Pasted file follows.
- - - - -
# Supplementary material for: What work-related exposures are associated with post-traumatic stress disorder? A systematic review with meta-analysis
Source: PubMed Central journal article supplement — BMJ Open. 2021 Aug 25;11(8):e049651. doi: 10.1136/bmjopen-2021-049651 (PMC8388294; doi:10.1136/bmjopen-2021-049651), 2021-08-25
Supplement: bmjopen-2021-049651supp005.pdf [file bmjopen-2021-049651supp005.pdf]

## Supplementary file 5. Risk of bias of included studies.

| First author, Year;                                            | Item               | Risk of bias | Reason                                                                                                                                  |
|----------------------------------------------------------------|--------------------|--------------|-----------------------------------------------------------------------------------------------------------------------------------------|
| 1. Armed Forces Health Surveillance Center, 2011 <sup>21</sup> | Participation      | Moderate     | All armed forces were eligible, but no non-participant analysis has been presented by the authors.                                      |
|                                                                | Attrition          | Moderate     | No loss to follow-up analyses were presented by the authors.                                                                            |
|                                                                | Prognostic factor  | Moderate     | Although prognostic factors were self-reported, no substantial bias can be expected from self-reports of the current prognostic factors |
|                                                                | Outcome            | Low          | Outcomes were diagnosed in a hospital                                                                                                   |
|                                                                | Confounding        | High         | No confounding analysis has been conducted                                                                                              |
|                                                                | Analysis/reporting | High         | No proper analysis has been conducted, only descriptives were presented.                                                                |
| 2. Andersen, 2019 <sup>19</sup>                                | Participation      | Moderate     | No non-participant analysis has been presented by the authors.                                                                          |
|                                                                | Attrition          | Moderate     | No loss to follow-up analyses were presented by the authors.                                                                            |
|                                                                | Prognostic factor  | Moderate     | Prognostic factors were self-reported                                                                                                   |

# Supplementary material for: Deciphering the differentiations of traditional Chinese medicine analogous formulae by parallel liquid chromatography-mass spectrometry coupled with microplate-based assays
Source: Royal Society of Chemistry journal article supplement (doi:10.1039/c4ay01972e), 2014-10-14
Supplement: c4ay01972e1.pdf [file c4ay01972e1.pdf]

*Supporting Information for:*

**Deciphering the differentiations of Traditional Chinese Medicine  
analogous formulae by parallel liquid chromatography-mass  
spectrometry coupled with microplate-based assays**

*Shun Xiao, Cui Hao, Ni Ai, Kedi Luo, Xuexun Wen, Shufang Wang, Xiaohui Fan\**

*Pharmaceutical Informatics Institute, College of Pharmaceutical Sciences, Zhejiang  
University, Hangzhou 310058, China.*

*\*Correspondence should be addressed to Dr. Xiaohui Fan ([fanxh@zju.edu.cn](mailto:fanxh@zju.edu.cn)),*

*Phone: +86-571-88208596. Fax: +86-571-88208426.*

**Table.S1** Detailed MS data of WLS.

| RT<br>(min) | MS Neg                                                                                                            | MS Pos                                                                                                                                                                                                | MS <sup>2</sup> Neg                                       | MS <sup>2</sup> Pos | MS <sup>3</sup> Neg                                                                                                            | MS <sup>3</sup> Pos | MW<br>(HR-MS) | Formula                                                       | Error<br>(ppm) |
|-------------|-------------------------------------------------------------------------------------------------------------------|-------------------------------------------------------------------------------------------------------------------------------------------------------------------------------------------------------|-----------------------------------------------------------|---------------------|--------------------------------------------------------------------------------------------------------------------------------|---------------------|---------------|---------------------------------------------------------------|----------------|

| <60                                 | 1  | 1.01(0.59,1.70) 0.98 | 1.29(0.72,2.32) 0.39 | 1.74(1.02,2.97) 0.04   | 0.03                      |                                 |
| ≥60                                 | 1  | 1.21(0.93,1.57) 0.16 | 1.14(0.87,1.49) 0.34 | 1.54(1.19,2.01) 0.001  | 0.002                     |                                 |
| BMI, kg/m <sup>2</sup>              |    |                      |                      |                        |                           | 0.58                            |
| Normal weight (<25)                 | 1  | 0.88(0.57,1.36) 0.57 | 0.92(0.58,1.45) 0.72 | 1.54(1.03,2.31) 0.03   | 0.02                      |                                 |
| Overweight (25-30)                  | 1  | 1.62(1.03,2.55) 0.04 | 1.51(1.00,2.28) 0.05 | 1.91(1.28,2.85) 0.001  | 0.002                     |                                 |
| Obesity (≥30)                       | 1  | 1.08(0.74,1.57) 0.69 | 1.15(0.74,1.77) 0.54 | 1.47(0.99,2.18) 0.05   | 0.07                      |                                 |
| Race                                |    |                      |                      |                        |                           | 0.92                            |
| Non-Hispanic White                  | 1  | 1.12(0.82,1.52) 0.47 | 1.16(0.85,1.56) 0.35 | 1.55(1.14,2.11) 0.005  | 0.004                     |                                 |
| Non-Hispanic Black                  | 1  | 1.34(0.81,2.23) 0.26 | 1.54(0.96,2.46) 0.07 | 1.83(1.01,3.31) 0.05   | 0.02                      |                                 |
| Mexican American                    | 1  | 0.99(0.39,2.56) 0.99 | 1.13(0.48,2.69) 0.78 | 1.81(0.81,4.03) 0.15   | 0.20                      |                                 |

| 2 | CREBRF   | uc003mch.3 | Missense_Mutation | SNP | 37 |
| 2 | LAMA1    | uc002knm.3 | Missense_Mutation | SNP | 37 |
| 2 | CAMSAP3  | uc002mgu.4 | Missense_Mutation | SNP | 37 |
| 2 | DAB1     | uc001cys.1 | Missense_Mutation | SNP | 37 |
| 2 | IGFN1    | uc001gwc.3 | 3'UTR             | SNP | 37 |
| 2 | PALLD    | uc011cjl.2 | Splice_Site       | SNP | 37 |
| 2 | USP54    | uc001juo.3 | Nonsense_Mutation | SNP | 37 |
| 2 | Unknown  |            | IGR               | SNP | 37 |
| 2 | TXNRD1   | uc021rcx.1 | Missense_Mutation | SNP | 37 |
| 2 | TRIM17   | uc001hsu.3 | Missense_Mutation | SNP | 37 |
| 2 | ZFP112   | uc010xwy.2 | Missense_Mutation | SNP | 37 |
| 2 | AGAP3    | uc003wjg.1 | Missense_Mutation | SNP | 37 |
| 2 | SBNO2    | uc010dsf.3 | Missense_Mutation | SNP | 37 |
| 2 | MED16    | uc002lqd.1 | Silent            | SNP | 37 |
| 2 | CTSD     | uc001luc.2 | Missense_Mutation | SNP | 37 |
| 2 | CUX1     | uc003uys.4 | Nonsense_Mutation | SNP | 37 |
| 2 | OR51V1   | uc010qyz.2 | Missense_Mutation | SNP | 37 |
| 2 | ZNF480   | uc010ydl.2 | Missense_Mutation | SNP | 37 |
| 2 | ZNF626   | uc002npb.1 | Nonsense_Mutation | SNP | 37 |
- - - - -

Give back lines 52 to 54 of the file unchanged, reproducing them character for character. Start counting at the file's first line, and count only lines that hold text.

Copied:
| 2 | AGAP3    | uc003wjg.1 | Missense_Mutation | SNP | 37 |
| 2 | SBNO2    | uc010dsf.3 | Missense_Mutation | SNP | 37 |
| 2 | MED16    | uc002lqd.1 | Silent            | SNP | 37 |